A bipartisan effort during WWII resulted in the approval and construction of the Big Inch pipeline in less than two years. This is a study in contrast to the prolonged debate over the Keystone pipeline (Now in its fifth year of haggling!). The delay of Keystone reminds me of something John Adams said about the Continental Congress back in 1776, " Fiddle, piddle and resolve, not a damned thing do they solve!" Let’s review a column I wrote on the pipelines two years ago to illustrate the lack of progress by Congress and the President:
"The Washington crowd seems more determined than ever to be stuck on stupid. This time it involves the executive branch of government. President Obama, advised by those bright folks within the Beltway, decided to torpedo the proposed Keystone XL pipeline that would have shipped up to 590,000 barrels per day of Canadian oil products down through the interior of our country to Texas refining facilities. Although this only represents about 10% of our foreign oil imports, it does represent nearly half of our net imports from the vulnerable Persian Gulf.
Despite several environmental impact studies and a cost/benefit analysis outlining acceptable risks, the President has turned thumbs down on the concept for fear of hurting our fragile environment. The President of the United States has the most difficult job in the world but sometimes we tend to over analyze an issue rather than observe and learn from the lessons of history. Let’s do it for him.
It’s early 1942 and the U-boat arm of the German navy is experiencing their second "Happy Times." The first occurred before our entry in WWII when the Germans were sinking British merchant shipping in the North Atlantic with impunity. The Brits finally developed an effective convoy system that ended their staggering losses when America entered the war in December of 1941. Badly needed crude oil was shipped from Texas ports to refineries on the East coast, but U-boats began sinking our tankers at an alarming rate. The German navy referred to this period as their second "Happy Times."
48 tankers sailing along the Atlantic coast en route to the refineries were torpedoed. The beaches ran black with crude. Something had to be done, so two pipelines were built through the interior of the country without the benefit of hand wringing or redundant environmental impact statements. The pipelines became known as the Big Inch and it’s companion project, the Little Big Inch. The lines were constructed during 1942 and early 1943 from Texas to New Jersey.
The project was the brainchild of President Roosevelt’s Secretary of the Interior, Harold Ickes, A native Pennsylvanian who was born on a farm outside Hollidaysburg. Ickes had a no nonsense approach to public service that earned him the nickname, "Old Curmudgeon." Ironically, Harold Ickes was a Republican serving in a Democratic administration when national interest trumped partisan politics on both sides of the aisle.
The Big Inch was a 24 inch pipeline for crude oil, running from the East Texas oil field to a terminal in Illinois and later extended to Phoenixville, Pennsylvania where the line branched into 20 inch lines, serving New York, New Jersey, and Chester, Pa. The trench for the pipelines was three feet wide with four foot of cover, and crossed the Allegheny mountain range, through swamps and forests, under 30 rivers and 200 creeks and lakes.
The Inch lines traversed 95 counties in 10 states and was 1400 miles long. Over seven million yards of material were excavated by the eight, 400 man crews who averaged nine miles of pipeline per day. The laying of pipe began in August of 1942 and oil began flowing from Texas to Illinois on New year’s eve, 1942. The first crude arrived in Pennsylvania in August of 1943. Wow! This was a 20th century encore to our 19th century engineering miracle, the building of the Transcontinental Railroad. Both these projects harnessed the talent, energy and common goals of a government/industry partnership.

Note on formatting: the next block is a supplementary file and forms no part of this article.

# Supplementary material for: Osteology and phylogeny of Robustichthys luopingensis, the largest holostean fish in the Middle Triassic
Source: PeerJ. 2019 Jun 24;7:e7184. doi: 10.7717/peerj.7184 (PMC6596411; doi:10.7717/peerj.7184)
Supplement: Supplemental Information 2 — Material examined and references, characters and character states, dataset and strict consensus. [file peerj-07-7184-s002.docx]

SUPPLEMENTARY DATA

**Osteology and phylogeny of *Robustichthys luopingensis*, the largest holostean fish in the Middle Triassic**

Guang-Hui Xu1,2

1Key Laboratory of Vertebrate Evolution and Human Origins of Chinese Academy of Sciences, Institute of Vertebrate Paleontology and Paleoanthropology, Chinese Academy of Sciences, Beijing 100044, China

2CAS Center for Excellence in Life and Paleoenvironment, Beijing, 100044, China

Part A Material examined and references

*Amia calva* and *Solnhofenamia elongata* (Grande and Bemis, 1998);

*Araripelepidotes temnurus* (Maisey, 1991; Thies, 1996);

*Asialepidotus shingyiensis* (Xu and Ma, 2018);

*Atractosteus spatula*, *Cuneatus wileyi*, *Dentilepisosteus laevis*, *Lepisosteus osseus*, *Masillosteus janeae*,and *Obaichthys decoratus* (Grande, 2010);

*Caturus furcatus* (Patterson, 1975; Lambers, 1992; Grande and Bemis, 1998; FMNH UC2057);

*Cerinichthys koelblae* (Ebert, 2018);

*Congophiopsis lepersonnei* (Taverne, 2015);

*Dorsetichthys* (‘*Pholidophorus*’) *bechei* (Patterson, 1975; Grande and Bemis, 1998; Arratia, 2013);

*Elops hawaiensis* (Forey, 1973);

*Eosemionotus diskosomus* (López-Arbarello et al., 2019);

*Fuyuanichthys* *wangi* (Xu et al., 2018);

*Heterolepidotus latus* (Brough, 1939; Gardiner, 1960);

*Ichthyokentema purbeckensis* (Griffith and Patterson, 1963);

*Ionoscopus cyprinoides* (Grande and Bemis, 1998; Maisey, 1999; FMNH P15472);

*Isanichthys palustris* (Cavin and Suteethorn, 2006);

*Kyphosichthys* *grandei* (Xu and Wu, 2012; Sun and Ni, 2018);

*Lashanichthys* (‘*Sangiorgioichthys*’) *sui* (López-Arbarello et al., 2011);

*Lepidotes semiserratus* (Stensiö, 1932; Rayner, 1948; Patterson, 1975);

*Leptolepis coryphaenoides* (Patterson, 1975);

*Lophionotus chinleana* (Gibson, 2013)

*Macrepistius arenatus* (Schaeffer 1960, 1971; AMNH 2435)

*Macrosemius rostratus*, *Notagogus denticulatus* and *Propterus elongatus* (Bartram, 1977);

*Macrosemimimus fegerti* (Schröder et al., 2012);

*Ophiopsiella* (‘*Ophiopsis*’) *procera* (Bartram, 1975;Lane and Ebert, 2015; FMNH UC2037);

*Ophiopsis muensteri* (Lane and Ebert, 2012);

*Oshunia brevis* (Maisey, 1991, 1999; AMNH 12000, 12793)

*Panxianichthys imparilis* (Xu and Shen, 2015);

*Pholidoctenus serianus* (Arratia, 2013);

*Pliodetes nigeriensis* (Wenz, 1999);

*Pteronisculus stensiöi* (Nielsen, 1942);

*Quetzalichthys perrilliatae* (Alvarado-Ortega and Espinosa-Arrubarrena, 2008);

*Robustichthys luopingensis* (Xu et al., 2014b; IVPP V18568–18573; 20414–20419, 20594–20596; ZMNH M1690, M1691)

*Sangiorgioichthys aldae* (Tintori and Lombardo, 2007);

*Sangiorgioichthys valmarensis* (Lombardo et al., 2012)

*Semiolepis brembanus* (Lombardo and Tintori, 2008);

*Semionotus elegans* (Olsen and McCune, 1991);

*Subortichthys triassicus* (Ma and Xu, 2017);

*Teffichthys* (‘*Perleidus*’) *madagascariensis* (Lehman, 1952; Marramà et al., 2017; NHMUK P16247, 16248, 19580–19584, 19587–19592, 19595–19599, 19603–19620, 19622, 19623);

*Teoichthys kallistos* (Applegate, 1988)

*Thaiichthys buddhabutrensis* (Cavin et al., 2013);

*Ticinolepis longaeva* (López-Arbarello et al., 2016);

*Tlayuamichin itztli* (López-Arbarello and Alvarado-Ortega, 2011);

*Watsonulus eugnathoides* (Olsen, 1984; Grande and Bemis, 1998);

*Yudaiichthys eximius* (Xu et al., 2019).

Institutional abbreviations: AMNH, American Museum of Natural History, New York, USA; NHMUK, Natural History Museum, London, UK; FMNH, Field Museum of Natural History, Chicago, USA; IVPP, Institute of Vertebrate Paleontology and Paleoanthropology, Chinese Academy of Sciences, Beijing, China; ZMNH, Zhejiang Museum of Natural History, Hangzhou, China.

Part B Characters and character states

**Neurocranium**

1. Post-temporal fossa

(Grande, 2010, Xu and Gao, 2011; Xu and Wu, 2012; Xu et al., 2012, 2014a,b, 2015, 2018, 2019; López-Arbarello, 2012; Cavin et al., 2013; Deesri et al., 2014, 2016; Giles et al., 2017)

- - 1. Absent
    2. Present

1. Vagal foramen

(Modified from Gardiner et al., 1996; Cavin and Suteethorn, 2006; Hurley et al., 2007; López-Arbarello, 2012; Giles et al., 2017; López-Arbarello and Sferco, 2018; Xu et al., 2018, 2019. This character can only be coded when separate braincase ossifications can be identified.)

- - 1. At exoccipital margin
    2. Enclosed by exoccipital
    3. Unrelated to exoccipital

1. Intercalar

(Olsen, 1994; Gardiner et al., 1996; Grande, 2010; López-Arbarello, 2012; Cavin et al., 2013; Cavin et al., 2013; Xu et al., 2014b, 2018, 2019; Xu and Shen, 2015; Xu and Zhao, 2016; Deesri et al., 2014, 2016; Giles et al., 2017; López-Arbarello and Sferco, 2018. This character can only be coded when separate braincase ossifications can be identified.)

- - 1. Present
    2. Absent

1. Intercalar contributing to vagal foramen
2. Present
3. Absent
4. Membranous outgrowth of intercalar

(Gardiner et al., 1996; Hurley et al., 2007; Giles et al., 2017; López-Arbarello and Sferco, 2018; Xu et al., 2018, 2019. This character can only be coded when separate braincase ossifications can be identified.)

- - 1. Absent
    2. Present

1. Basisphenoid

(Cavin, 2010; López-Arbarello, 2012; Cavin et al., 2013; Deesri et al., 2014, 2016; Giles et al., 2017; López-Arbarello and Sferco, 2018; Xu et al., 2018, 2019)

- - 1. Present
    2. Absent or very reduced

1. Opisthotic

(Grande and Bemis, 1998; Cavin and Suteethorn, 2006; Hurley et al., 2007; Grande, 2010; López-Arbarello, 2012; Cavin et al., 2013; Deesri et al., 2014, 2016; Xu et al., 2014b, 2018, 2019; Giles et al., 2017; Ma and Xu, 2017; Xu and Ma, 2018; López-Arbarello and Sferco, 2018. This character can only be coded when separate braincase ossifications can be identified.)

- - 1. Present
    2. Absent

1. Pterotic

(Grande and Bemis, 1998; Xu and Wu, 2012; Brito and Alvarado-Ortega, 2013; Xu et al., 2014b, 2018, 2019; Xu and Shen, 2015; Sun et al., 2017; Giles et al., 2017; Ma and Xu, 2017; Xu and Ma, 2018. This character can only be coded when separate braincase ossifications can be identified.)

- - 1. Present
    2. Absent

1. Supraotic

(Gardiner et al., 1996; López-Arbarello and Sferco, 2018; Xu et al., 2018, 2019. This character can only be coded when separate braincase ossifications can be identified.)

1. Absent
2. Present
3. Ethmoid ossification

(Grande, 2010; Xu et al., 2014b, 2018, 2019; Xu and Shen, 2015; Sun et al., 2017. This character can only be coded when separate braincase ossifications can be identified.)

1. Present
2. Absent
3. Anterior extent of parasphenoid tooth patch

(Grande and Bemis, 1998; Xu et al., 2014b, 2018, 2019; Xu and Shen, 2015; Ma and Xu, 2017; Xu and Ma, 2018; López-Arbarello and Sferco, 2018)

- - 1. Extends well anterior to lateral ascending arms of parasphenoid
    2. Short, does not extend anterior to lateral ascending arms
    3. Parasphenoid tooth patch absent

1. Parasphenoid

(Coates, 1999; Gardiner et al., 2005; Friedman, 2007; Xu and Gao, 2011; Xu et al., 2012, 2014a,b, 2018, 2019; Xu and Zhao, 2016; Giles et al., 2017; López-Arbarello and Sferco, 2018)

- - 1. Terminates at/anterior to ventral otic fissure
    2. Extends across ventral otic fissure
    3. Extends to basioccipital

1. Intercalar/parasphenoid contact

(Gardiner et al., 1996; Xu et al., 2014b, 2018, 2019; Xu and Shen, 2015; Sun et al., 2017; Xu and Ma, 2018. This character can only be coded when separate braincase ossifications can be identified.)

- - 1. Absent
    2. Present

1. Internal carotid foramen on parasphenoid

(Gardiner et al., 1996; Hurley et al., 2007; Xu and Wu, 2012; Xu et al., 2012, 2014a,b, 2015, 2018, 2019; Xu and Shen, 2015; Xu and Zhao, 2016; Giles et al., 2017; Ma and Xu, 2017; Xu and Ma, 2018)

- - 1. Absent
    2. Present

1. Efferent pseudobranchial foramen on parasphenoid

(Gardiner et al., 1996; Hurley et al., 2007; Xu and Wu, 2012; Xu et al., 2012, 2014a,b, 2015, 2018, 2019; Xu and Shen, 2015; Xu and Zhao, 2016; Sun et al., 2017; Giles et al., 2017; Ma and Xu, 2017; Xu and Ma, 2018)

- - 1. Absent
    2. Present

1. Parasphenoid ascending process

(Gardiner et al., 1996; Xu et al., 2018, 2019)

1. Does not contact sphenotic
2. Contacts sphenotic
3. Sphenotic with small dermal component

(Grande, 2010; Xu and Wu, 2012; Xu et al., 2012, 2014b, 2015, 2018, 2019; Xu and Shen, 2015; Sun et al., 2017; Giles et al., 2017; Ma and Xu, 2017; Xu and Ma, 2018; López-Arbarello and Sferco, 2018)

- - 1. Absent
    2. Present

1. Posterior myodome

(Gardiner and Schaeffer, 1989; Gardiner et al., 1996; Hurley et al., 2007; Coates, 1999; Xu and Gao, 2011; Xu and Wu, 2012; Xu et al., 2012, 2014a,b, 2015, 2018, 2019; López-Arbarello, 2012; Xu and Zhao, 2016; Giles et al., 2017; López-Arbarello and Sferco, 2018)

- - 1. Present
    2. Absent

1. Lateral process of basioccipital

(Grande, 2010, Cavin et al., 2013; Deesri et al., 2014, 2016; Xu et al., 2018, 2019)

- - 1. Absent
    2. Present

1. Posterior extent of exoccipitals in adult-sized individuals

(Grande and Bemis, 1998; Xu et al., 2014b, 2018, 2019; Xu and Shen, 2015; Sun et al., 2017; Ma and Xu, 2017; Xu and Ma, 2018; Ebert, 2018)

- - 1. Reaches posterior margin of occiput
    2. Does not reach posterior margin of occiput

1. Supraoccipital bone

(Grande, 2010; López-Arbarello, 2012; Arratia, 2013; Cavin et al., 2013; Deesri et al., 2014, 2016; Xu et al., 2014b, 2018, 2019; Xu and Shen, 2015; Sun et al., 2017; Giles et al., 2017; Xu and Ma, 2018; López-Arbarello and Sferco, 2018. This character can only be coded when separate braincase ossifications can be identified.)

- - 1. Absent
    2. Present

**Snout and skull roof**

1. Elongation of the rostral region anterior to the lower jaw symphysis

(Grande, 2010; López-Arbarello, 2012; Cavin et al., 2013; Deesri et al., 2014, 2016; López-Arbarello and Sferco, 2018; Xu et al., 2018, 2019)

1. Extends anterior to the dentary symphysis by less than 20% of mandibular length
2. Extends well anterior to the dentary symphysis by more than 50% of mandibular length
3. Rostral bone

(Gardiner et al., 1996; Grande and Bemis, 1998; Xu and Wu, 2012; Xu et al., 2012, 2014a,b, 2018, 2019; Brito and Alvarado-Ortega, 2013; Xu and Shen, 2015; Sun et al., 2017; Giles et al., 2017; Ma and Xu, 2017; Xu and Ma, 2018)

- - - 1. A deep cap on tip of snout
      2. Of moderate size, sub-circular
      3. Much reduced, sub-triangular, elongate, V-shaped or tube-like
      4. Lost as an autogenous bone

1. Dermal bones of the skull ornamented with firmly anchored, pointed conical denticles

The Big Inch was capable of transporting in excess of 300,000 barrels of oil per day and guess what- The environmental impact of the project was less than the oil spill of one torpedoed tanker. Those were the days when Yankee ingenuity was allowed to flourish.
Today we couldn’t get the government review process completed in that time frame.
Mr. President, what’s to be learned from this history lesson? First, the dozens of harassing, overlapping government agencies operating today may be good for
employment statistics but they sure are sabots in the wheels of progress.
Second, Mother nature is more resilient than pseudo-environmentalists realize but those good intentioned folks seem to have a python’s death grip on your party. Once again let’s use history as a learning experience. Those 48 tankers torpedoed in early WWII resulted in millions of barrels of oil spilled on East Coast beaches but before war’s end in 1945, folks were swimming without evidence of the "Happy Times." The stuff is biodegradable and cleans itself up over time without our clumsy efforts. Maybe, in certain cases, the expenditure of megabucks might be better used compensating people whose livelihoods are temporarily interrupted rather than mopping up the last 1% of the spill. However, modern politics is 51% perception practiced by lawyers who don’t really
understand the laws of physics and chemistry so I suspect the silliness will continue."
Mr President, the third "Happy Times" could easily occur in the Straits of Hormuz. The abominable terms of the recent State Department negotiations with Iran make the United States even more vulnerable today in the Persian Gulf than in March of 2012 when I wrote the first pipeline column. Keystone is more important than construction employment, the cost of gasoline, or marginal environmental impact that would be less than one derailed train oil spill. It’s an important cog in our national Security.
Retired Consulting Engineer and Farmer